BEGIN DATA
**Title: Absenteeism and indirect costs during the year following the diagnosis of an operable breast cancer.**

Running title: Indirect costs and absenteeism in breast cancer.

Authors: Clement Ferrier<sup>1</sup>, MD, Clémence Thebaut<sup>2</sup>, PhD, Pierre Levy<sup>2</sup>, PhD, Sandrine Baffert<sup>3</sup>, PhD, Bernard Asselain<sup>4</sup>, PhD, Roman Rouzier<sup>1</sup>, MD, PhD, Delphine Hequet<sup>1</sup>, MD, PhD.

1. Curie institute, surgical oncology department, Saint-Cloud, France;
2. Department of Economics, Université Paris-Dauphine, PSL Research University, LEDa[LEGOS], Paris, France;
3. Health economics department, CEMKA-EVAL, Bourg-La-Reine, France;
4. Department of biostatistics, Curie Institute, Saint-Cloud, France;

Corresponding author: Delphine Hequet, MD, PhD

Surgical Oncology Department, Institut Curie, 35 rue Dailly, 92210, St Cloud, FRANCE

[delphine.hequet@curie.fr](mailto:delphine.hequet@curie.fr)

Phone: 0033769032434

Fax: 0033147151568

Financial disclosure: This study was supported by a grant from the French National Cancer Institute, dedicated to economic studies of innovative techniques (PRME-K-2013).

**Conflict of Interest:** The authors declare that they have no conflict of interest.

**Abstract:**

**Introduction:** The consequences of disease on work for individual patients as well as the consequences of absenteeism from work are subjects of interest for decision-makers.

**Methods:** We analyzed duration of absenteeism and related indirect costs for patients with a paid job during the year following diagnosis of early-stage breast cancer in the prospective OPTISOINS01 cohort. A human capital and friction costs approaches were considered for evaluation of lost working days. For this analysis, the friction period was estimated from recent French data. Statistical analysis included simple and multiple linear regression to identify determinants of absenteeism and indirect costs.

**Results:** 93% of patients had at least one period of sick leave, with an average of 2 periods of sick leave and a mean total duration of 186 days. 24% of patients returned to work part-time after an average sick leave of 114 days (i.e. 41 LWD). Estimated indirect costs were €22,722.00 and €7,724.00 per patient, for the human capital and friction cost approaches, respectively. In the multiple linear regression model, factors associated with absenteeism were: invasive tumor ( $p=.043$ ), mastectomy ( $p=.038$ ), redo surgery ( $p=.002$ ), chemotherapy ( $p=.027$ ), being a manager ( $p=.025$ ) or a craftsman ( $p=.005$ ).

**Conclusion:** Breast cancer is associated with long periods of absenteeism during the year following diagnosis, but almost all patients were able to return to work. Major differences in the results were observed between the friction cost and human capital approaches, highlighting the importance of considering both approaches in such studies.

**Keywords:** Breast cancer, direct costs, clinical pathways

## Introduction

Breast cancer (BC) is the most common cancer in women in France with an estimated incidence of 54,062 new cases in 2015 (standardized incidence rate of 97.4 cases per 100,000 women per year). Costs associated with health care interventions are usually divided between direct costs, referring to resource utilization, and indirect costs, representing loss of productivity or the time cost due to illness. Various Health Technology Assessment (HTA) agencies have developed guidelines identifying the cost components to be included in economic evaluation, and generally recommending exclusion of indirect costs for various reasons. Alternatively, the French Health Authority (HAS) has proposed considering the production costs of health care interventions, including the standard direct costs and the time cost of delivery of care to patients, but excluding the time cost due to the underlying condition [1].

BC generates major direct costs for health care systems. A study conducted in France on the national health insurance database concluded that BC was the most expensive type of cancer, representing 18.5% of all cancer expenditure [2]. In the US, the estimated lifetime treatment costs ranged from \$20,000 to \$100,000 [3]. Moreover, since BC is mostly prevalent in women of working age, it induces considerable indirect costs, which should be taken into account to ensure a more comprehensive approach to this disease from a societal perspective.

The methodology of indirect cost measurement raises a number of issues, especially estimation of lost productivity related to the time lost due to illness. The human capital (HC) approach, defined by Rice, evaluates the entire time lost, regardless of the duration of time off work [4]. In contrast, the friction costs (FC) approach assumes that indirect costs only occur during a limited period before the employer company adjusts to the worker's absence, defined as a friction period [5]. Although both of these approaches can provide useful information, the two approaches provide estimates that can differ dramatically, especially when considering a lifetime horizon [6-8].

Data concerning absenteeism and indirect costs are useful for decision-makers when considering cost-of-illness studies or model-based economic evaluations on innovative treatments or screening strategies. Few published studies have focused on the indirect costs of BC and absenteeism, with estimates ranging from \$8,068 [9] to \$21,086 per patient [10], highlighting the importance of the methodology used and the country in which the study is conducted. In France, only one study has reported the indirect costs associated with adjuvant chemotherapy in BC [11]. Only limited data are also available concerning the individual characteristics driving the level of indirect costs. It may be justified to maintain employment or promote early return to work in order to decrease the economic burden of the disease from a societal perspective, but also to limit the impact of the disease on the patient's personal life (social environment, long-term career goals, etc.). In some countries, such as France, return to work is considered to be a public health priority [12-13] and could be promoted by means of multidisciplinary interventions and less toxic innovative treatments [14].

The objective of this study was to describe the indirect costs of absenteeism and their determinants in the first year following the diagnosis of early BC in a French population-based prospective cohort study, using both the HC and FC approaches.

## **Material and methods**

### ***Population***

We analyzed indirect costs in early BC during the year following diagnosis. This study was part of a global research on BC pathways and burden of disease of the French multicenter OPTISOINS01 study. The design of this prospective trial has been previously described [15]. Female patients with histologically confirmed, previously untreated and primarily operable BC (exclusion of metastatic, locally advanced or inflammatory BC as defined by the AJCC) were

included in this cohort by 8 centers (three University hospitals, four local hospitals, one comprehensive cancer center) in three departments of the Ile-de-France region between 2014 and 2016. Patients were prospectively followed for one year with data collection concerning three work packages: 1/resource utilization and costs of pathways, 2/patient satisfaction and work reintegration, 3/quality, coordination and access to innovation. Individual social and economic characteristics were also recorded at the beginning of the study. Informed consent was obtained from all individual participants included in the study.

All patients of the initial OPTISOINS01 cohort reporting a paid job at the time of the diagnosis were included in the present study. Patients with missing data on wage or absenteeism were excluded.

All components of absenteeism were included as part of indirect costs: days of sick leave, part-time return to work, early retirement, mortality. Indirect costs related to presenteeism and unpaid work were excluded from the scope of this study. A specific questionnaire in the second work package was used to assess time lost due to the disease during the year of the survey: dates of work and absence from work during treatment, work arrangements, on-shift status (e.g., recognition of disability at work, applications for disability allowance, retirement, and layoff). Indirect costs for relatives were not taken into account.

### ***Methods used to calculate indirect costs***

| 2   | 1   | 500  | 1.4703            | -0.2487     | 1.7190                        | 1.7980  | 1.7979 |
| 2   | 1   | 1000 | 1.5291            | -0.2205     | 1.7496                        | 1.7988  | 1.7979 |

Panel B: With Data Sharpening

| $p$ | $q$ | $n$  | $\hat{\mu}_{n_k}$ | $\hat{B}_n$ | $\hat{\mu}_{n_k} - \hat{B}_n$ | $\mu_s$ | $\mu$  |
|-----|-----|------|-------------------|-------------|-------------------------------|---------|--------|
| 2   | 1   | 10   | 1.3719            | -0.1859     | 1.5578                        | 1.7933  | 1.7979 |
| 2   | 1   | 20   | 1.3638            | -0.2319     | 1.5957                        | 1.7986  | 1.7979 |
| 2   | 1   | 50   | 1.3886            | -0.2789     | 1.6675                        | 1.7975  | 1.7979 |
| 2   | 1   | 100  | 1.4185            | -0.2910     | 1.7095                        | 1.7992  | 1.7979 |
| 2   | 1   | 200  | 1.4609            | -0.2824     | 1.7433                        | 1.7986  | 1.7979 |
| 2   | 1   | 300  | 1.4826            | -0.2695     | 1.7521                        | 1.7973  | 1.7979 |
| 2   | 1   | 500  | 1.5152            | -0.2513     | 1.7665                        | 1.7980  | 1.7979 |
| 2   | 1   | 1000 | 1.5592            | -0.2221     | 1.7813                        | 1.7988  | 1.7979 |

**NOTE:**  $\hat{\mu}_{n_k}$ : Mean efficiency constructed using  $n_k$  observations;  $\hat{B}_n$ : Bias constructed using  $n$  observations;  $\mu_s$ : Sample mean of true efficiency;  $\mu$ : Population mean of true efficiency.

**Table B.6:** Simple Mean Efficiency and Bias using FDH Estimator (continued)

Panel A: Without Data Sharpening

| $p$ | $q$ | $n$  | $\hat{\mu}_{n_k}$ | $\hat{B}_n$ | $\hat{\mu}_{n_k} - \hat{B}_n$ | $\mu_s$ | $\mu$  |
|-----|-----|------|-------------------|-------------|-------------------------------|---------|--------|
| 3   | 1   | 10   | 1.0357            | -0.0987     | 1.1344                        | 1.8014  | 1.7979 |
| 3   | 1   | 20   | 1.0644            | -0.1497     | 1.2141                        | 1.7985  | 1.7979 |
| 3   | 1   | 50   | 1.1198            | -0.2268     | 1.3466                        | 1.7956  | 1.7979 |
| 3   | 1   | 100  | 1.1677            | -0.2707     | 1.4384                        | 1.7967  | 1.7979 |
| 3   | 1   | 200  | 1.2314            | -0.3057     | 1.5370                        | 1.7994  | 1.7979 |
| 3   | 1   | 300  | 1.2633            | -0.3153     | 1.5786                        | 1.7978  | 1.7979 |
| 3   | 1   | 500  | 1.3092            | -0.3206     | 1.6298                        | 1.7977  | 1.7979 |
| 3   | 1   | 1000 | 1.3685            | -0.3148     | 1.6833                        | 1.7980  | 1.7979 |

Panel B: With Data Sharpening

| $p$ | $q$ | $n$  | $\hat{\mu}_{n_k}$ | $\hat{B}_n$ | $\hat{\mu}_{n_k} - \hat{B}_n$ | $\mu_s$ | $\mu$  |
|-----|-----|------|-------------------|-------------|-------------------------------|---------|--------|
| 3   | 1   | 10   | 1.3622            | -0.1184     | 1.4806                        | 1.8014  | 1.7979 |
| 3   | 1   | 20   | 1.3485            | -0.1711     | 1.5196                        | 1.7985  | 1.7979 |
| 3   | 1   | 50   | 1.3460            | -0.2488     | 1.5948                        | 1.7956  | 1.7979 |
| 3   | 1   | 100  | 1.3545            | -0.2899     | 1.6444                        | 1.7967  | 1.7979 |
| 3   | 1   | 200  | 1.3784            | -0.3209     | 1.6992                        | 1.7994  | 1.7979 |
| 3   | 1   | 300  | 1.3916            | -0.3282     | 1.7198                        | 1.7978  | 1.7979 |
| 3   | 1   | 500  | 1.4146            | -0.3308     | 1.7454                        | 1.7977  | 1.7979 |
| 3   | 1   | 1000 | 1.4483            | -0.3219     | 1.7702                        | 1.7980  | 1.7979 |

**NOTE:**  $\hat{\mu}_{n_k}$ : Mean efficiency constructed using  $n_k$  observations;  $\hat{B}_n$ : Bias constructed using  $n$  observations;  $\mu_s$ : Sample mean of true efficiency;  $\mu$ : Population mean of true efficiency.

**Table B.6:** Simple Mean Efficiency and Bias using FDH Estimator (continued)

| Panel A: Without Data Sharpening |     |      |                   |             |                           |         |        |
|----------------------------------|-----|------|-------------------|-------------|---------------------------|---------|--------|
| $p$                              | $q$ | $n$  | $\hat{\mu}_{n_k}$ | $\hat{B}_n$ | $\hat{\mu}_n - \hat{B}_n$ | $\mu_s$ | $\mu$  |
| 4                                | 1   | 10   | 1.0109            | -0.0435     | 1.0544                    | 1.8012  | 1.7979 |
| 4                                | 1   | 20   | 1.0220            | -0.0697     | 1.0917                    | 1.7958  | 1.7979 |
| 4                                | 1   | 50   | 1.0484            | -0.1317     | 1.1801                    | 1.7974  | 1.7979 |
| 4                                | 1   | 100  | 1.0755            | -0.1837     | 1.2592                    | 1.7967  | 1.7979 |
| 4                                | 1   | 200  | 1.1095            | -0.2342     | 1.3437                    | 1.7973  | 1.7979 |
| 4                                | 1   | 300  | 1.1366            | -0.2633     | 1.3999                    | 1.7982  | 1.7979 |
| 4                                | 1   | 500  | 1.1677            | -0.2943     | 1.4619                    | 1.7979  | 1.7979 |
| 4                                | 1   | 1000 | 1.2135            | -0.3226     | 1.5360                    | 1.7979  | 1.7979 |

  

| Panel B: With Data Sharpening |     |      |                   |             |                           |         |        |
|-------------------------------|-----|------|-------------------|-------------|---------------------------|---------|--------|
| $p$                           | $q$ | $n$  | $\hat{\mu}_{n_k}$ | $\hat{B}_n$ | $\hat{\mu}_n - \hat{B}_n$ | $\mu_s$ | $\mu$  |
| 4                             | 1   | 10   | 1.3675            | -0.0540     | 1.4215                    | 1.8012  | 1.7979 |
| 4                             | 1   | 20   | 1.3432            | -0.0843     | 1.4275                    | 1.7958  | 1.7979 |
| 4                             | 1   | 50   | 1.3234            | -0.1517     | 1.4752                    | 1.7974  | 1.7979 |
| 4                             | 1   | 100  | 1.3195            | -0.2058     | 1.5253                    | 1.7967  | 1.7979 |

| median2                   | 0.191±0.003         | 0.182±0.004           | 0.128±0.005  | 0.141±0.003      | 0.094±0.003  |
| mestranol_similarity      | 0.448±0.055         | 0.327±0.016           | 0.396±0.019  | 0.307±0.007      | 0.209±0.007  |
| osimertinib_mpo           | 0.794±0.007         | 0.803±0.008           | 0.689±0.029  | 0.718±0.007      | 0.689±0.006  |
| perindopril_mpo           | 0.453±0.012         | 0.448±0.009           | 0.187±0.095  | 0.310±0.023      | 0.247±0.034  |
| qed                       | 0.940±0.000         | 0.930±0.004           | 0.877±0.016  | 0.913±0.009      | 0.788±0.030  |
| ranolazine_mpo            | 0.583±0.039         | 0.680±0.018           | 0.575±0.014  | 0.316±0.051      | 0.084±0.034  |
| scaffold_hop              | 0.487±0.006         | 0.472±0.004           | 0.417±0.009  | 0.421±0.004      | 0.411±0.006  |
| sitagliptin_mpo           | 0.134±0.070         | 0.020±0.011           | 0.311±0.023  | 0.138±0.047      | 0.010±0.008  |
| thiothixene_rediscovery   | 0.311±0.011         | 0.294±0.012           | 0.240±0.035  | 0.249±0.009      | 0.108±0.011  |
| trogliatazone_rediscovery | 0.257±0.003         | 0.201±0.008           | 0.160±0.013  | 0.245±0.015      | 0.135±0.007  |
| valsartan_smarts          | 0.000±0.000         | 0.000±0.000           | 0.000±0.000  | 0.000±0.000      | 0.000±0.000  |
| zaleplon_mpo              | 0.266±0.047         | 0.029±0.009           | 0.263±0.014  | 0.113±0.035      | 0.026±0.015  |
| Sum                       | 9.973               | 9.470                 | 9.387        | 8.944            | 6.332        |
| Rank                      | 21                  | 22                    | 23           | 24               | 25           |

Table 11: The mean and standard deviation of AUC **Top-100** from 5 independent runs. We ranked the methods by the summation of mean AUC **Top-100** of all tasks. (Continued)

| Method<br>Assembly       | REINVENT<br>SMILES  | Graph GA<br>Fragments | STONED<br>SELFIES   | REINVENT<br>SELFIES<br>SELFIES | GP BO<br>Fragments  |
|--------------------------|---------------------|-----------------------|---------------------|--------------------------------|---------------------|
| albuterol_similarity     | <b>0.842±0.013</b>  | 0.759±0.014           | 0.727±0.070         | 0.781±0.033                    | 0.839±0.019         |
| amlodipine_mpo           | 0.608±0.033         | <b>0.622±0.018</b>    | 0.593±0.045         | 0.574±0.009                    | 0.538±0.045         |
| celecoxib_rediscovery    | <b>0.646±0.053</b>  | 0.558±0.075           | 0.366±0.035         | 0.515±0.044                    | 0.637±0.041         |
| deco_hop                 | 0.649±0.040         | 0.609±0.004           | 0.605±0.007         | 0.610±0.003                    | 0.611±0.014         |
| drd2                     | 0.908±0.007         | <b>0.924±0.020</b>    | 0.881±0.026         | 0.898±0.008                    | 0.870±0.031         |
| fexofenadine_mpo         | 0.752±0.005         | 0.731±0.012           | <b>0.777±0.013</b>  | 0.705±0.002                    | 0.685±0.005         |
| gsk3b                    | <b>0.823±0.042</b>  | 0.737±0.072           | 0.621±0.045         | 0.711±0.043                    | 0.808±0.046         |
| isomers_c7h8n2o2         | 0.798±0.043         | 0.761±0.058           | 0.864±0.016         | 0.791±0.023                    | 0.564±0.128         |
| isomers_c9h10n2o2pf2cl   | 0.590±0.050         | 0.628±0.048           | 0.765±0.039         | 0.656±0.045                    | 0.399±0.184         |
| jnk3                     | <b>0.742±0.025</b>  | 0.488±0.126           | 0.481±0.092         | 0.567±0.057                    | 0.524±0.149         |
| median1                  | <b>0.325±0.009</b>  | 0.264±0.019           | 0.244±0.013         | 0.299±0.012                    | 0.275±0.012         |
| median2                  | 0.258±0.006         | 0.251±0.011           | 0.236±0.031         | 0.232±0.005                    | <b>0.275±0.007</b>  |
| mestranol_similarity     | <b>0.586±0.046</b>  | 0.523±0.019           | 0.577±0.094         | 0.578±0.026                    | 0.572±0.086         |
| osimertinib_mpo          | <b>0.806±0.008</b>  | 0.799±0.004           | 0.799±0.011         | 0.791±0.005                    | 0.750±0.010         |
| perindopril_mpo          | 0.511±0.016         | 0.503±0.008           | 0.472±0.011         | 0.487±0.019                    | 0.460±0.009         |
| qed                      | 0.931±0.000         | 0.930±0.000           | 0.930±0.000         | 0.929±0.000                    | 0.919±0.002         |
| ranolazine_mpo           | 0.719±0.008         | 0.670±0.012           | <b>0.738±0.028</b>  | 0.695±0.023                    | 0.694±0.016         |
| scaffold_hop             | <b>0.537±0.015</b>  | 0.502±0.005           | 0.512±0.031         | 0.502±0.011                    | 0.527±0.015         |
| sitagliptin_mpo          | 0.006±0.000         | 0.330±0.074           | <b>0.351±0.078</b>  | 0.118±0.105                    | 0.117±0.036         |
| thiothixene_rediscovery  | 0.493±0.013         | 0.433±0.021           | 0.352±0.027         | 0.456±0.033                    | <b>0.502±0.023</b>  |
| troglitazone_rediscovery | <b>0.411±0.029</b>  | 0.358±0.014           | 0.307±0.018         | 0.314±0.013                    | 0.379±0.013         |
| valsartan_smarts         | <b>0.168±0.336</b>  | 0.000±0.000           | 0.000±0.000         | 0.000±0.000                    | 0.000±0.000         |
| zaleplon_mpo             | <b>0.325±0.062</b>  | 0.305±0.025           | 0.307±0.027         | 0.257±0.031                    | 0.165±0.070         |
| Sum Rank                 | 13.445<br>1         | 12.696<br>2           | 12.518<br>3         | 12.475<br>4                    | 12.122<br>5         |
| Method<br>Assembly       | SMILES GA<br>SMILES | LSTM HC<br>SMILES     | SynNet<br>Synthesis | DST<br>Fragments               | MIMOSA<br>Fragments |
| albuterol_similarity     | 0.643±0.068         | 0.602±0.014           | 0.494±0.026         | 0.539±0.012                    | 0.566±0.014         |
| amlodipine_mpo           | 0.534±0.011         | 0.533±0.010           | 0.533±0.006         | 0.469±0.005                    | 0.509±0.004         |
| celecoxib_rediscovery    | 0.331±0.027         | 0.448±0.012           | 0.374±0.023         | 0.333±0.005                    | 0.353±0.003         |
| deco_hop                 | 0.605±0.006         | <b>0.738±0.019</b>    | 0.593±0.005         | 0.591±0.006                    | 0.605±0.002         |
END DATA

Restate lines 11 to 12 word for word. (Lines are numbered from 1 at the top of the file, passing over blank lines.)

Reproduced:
Phone: 0033769032434

Fax: 0033147151568